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Avimimus

I met WW1 veterans - I can't recall any of them being pilots though. The aircrew I talked to were from WWII... I heard the same story from more than one different person (a tragic collision of two Lancasters due to a pilot apparently showing off - it seemed to have an impact on a lot of people as it was so unnecessary - I recall that part of it was the mid-upper was friends with several people who were part of other aircrews, so it hit even harder).

 

They were mainly Canadians. I did encounter one He-111 pilot who insisted that he flew only reconnaissance and mentioned surviving an attack by a P-51. He also mentioned the importance of doing a pre-flight walk around check. One aircrew he knew took off without removing the tabs which kept the control surfaces in place while the aircraft was parked - another unnecessary way to die which clearly stayed with him.

 

 

On 6/21/2021 at 1:02 PM, Gambit21 said:

Not in person, but corresponded with and interviewed via telephone a dozen or so.

 

Any interviews are becoming more and more valuable :) So, I'm glad you talked to people in an organised or semi-organised way.

Edited by Avimimus
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SCG_Tzigy

I have been very lucky to have had few patients that were aircrew in ww2. Only few left...not everyone wanted to talk about their ww2 times...  Now i wish i asked those willing for more of formal interview sessions...

Not many left i am afraid. If any come back for follow ups, i will try to do better..

Had a B-17 pilot w 2 tours..., F4F pilot that was still upset about his assignment during Marianas Turkey Shoot (was asigned flying cover over his flattop), B-17 ball turret gunner, B-26 pilot, also P-38 pilot from the 2nd Yamamoto flight. Other WW2 vets,  US submariner that lied about his age and enrolled at 17... Another 17 yo soldier, super nice German guy, crewed 88mm last few weeks of the war...  Sad story about the Wildcat pilot, i invited him to our house to give Il21946 a go...we were working on setting the time up.  Never happened, he passed suddenly next week, cerebral bleed....  Have so much respect for all of them. 

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VBF-12_Stick-95

Not all airmen but memorable all the same.  As a young kid there were about 20 WWI vets that would march in parades.

Had conversations with the following: an American and a German WWI vet.  The American was in the trenches.  The German was on the Eastern Front.

 

Also talked with a B-17 ETO pilot, PTO Navy Corsair pilot, an ETO B-17 aerial photographer, a B-17 gunner shot down over France,

an aid to Gen. Bradley in Normandy, a PTO Marine, an MTO Army vet, a PTO Army vet, a USAAF vet based at a B-17 field in England, a submariner in the PTO, an American on an ammunition supply ship in the harbor during the attack on Pearl Harbor.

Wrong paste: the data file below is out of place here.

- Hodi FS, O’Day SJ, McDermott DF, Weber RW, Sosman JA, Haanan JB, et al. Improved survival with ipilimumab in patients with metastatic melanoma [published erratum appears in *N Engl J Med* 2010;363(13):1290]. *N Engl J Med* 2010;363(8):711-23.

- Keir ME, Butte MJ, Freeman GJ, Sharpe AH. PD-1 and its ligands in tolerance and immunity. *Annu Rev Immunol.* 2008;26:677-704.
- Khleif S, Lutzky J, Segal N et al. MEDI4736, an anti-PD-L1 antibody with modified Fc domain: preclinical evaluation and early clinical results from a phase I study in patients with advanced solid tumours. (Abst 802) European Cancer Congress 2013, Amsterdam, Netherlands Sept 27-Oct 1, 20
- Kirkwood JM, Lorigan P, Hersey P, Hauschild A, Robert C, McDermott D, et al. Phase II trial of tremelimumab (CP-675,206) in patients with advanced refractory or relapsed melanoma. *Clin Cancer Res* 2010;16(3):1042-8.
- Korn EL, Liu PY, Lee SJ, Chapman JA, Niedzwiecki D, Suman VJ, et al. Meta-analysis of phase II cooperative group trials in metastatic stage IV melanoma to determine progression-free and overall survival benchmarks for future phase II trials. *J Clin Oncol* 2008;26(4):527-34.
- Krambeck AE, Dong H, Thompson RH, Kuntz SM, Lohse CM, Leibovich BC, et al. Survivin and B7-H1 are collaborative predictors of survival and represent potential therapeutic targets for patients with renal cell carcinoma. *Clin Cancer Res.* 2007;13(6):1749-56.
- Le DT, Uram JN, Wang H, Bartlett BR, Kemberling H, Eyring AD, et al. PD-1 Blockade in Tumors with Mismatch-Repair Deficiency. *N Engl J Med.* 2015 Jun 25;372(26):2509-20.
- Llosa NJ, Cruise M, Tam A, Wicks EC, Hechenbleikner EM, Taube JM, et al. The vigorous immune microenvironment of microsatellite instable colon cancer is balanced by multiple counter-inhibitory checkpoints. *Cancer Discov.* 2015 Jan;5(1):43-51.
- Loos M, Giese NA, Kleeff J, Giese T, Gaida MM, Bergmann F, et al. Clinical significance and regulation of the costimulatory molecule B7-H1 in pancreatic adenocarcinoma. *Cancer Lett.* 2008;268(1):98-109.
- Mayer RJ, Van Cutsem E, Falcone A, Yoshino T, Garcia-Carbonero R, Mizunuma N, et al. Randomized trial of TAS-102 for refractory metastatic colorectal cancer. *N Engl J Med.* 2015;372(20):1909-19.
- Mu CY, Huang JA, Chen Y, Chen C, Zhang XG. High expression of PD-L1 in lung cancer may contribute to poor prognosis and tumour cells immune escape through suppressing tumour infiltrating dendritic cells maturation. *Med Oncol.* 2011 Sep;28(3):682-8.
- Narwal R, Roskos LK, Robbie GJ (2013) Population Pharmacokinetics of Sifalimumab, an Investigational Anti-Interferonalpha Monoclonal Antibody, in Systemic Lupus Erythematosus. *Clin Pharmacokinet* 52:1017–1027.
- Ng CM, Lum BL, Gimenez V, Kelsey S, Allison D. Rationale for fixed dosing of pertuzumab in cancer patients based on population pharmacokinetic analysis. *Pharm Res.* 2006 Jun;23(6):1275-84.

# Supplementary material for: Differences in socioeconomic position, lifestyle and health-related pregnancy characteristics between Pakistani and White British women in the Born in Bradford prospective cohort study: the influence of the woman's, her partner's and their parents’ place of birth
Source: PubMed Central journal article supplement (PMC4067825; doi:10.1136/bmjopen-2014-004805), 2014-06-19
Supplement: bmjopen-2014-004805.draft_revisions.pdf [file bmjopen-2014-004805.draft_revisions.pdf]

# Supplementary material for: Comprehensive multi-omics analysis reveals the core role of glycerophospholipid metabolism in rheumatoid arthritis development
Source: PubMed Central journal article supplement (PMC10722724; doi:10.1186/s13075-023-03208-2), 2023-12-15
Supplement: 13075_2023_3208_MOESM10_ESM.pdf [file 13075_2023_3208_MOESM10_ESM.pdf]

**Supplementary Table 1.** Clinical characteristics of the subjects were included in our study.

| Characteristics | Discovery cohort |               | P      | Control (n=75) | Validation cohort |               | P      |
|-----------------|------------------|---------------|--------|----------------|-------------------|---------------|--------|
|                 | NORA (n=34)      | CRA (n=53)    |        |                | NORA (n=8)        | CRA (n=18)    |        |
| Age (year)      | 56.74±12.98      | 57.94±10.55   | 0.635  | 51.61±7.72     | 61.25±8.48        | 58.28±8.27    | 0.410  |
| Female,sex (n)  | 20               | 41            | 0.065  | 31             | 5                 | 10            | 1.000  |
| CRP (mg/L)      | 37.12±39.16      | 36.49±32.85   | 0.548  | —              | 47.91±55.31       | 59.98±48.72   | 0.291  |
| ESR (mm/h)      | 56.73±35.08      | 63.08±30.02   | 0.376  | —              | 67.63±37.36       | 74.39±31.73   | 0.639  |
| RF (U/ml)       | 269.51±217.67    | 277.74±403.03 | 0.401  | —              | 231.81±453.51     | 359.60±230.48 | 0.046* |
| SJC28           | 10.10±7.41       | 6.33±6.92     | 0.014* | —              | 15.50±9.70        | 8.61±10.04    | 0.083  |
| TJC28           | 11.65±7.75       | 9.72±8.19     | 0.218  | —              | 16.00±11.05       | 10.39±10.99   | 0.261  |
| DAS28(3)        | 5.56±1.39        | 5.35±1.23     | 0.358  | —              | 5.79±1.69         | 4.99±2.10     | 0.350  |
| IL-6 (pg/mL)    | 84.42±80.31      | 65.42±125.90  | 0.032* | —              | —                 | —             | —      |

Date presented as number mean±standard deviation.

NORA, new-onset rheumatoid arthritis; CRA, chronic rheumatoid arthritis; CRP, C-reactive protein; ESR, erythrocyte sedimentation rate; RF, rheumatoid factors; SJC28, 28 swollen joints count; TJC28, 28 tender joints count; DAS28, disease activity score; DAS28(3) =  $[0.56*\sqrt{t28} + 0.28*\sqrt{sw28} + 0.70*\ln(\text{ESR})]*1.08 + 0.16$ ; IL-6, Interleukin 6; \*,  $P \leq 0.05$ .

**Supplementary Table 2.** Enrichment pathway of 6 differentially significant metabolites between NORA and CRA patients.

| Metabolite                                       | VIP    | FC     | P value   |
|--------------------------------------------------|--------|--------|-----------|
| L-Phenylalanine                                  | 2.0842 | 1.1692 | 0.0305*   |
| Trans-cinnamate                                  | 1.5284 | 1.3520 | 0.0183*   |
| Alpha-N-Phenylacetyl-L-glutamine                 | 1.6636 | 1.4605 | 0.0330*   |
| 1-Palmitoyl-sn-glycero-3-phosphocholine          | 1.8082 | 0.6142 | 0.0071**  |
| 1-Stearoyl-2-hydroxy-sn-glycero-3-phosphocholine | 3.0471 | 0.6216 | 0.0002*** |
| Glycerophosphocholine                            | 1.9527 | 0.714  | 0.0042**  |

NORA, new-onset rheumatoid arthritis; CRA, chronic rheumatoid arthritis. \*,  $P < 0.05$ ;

I saw a group of maybe 25 Tuskegee Airmen but didn't speak to any and also about 5 in the WAFS in 2007, was also lucky enough to catch a D-Day veterans parade of maybe 40 in London in 2009, which I believe was the last time it was held. 
 

D-Day Veteran March

 

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I once worked with a former B-17 pilot, George Cracraft.  He flew 50 missions in the Mary Alice as its second pilot.  When shown the museum repaint of his plane, he said the paint job was nice but it didn't look like that.  By the time he was flying they had gone to the aluminum finish, and every time a panel needed to be replaced an aluminum panel was fitted, so that the aircraft was a patchwork of OD and aluminum.  He was a wonderful man and I miss him.  

 

I tried making a skin to match his description; he laughed and said it was still too clean.  

Mary_alice.jpg

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Soilworker

I never met a real veteran but my great uncle used to tell me (BS) stories when I was a kid about being an RAF pilot getting shot down over enemy lines, then getting captured and forced to test fly Messerschmitts. He went into such detail such as telling me about how the fuel gauge would to fog up so he couldn't tell how much fuel he had left that as an 11/12 year old I was totally convinced and was telling my class about it at school. 😂

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216th_Cat

I was part of a guard of honour for Robert Stanford Tuck, and other BoB veterans, at the premiere of the Battle of Britain film at our local cinema. Didn't get to speak with him but later worked at the same place as his grand-daughter and talked to her about him.

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Reggie_Mental
On 6/21/2021 at 2:18 AM, RAAF492SQNOz_Steve said:

Chuck Yeagar but he was much more interested in flogging F16's at the time rather than talking about his many and varied exploits.